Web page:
‘To-day’ lasted among older people into the 70’s I think. Certainly it wasn’t so uncommon as to be remarkable at that time, but was not written thus by younger people.

    1. I think the expression is more usually, “brekker”. Hateful , baby talk to one of the jaundiced, mug of black coffee, a large Jamesons and four aspirin post-wake up input.

  10. I thought restaurants serving only “afters” were always called “Just Desserts”.

    I can’t agree with Jamie C on his claimed difference between “dessert” and “pudding”. I have only ever come across them as equal synonyms for the “sweet” course, “sweets” or “sweet course” being other Britishisms for dessert. There’s a distinct “U versus Non-U” level of distinctions going on here, incidentally: “afters” and “sweets” are firmly working-class, “dessert” much more middle class and “pudding”, if I’m not mistaken, more upper class: “pudding” would cover everything from ice-cream to spotted dick and custard. (Mmmmm – spotted dick …)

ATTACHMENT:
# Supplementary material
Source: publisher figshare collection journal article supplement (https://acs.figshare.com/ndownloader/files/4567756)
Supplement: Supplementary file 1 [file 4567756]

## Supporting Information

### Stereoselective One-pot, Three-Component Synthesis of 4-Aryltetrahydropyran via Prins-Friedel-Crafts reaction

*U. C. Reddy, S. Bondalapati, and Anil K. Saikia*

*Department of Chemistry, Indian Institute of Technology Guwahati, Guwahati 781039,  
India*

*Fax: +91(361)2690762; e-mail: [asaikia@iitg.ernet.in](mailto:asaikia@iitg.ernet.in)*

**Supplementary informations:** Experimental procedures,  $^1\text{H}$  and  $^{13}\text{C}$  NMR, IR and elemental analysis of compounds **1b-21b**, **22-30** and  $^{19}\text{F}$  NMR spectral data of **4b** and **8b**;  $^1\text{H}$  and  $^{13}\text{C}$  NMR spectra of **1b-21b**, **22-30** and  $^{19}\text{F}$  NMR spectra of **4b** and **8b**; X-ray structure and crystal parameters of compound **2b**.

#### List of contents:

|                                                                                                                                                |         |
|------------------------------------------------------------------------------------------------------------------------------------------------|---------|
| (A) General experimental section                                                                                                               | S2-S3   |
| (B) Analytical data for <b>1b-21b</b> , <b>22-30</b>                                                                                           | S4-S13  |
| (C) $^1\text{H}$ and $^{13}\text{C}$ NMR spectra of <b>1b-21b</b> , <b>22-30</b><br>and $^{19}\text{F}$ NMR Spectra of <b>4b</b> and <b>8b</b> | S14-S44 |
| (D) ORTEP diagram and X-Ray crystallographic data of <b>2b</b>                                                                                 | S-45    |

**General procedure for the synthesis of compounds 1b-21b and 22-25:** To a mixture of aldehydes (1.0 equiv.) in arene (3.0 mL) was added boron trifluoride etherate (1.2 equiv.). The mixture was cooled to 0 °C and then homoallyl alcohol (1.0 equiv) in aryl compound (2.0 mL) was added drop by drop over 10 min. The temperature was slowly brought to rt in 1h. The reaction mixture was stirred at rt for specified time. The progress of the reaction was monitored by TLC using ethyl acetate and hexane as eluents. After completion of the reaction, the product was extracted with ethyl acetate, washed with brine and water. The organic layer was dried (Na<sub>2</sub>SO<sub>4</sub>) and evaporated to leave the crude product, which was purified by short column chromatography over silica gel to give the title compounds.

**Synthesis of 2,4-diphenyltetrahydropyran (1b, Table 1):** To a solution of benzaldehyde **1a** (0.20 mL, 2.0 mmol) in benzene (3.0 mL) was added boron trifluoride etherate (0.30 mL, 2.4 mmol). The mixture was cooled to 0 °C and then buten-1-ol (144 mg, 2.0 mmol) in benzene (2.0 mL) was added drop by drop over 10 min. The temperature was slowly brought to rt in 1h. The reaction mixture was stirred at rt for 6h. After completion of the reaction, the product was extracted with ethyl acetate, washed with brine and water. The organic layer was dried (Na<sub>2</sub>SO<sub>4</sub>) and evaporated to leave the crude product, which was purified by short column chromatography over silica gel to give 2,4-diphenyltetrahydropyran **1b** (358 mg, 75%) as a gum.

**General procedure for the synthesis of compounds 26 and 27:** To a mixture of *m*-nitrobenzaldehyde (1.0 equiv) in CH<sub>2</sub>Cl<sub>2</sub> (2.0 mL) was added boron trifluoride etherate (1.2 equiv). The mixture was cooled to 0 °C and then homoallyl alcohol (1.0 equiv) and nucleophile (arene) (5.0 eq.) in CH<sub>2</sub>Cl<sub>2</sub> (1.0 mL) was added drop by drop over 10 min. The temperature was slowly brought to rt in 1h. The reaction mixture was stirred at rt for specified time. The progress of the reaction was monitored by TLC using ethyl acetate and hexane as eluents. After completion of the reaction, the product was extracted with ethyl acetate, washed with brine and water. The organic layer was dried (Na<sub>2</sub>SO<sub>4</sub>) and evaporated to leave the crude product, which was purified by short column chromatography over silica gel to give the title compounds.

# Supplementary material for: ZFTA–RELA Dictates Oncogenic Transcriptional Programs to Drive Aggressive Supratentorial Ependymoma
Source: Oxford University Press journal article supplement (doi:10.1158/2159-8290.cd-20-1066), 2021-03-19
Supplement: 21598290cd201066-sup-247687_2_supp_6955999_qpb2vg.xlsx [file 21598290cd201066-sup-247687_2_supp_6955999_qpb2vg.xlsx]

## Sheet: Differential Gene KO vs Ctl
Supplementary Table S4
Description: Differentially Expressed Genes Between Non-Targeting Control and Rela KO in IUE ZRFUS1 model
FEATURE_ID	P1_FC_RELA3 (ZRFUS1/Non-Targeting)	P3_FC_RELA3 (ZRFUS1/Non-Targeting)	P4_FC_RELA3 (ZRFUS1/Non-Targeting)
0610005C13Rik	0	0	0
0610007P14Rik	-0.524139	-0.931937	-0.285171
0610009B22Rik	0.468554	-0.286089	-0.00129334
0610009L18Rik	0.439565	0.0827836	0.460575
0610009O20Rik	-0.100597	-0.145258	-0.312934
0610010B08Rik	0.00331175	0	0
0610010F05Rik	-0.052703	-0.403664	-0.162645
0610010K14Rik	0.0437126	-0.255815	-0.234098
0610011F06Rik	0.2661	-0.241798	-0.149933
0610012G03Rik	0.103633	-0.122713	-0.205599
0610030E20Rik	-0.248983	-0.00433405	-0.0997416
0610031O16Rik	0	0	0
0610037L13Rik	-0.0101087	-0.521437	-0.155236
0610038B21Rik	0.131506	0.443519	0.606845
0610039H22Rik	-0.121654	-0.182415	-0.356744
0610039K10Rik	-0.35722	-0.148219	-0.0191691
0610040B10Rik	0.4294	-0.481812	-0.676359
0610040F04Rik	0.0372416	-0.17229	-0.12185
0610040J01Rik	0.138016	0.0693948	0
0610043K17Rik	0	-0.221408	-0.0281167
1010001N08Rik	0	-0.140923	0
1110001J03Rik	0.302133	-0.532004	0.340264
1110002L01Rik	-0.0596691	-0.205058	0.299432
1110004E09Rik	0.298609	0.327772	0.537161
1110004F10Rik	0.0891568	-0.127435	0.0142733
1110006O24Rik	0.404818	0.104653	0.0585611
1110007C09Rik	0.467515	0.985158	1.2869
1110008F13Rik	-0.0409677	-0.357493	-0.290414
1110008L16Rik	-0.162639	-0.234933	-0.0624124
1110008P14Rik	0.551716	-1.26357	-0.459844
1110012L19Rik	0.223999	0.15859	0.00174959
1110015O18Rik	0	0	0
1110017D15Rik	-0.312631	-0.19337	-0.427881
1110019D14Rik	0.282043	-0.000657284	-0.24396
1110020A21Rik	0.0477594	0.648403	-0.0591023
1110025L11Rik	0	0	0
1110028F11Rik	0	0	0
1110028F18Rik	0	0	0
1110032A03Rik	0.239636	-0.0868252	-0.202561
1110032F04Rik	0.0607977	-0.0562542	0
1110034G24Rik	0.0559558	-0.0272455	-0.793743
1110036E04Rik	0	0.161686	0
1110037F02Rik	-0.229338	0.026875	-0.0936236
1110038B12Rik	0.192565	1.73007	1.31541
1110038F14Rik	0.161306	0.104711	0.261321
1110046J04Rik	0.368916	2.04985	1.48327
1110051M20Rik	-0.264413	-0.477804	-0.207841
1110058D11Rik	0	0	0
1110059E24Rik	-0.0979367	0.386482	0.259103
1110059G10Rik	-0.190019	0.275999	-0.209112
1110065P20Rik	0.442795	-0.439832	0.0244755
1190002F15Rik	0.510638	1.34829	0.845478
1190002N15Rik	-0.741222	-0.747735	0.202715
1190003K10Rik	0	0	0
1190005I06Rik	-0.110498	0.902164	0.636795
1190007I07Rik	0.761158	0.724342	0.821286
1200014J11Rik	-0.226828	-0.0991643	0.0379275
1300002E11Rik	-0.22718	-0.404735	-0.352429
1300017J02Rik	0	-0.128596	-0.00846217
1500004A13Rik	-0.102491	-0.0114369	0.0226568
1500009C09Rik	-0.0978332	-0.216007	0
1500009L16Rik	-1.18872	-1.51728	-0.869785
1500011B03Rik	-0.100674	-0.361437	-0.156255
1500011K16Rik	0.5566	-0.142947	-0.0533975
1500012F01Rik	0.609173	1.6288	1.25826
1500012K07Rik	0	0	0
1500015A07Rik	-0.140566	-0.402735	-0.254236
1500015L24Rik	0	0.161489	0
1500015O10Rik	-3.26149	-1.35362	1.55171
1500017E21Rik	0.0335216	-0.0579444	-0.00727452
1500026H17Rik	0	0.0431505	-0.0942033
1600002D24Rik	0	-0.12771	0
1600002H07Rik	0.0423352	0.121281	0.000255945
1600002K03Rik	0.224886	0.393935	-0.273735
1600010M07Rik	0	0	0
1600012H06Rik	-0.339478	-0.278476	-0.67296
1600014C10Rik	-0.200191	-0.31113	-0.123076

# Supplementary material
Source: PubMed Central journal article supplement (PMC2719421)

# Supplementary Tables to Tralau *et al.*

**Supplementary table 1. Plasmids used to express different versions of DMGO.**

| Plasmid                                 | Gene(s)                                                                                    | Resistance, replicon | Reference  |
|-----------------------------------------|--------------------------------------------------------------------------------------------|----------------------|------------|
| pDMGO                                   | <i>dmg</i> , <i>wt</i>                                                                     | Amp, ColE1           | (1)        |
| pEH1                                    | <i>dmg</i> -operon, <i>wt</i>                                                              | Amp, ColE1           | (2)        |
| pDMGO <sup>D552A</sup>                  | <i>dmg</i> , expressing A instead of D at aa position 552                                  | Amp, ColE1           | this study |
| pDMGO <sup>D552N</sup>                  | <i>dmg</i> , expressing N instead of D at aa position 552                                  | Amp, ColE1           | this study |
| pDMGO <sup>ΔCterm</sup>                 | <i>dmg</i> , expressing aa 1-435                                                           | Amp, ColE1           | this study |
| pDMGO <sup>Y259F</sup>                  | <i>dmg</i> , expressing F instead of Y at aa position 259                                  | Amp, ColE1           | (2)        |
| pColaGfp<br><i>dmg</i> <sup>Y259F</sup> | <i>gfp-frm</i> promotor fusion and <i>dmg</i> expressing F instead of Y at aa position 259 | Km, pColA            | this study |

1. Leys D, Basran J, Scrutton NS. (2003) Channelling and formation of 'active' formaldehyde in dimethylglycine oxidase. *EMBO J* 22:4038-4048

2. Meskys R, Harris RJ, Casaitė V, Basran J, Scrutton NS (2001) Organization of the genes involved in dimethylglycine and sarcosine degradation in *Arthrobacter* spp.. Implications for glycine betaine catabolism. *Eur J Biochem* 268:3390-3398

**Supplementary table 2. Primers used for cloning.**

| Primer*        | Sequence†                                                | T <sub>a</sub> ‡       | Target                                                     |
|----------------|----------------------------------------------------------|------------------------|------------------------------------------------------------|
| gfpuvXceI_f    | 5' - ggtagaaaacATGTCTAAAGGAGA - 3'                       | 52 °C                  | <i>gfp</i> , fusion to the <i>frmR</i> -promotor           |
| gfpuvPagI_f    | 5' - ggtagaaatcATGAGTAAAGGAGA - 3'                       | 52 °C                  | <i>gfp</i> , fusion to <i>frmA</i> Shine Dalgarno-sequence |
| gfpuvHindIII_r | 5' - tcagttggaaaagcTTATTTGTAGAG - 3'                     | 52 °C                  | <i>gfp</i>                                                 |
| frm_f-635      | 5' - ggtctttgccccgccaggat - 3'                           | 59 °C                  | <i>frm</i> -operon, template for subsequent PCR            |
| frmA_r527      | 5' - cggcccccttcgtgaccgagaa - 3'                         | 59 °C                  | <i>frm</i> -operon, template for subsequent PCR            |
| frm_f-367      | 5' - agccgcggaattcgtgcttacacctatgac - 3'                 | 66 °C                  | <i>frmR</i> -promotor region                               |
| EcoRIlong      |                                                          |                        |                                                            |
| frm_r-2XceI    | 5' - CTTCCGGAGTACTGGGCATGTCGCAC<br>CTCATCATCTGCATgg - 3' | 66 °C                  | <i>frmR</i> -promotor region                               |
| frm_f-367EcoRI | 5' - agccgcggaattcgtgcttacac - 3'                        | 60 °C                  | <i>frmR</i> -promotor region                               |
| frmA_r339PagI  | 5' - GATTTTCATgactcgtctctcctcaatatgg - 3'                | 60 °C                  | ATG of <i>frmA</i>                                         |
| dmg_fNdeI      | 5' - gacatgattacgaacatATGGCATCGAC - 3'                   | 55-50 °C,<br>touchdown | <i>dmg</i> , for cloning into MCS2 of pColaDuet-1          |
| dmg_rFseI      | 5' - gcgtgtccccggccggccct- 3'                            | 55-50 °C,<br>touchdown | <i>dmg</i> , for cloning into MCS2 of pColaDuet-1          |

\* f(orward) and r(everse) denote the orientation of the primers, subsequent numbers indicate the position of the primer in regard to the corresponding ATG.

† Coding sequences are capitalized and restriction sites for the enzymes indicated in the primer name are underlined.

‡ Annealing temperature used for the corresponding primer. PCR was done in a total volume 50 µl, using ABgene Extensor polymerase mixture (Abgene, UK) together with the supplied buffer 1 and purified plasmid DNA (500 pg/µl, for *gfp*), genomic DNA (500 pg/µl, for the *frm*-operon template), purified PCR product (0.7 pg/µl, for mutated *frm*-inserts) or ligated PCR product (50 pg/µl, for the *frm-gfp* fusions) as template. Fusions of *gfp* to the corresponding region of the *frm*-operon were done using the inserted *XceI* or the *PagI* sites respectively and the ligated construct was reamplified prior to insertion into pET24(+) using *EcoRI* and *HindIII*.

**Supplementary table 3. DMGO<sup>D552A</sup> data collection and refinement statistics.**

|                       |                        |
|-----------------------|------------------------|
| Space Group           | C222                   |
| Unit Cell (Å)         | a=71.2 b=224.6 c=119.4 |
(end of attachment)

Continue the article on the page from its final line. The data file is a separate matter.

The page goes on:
‘To-day” is certainly found in British newspapers until the 1950s, alongside the odd habit of hyphenating addresses, ie ‘Oxford-street”.

      1. I have never seen any British reference to “dessert” meaning “fruit and nuts served before or after pudding”. I have never seen “fruit and nuts served before or after pudding” given any specific name at all. I have only ever seen “dessert” usedin Britain for the sweet course.

  11. “Afters” is also used in the context of violence…..for example, two men fight, one is vanquished but returns to confront his opponent. The previously victorious man might say, (in the spirit of contempt), “have you come back for some afters?”…( it might be a play on afters as a desert, the follow up to the main course).

  12. Afters is also used to describe a bit of belated revenge, – usually in contact sports, where the perpetrator is taking seeking retribution for a previous act of foul or over aggressive play. “Joe Bloggs went in for some afters while the ref’s back was turned”.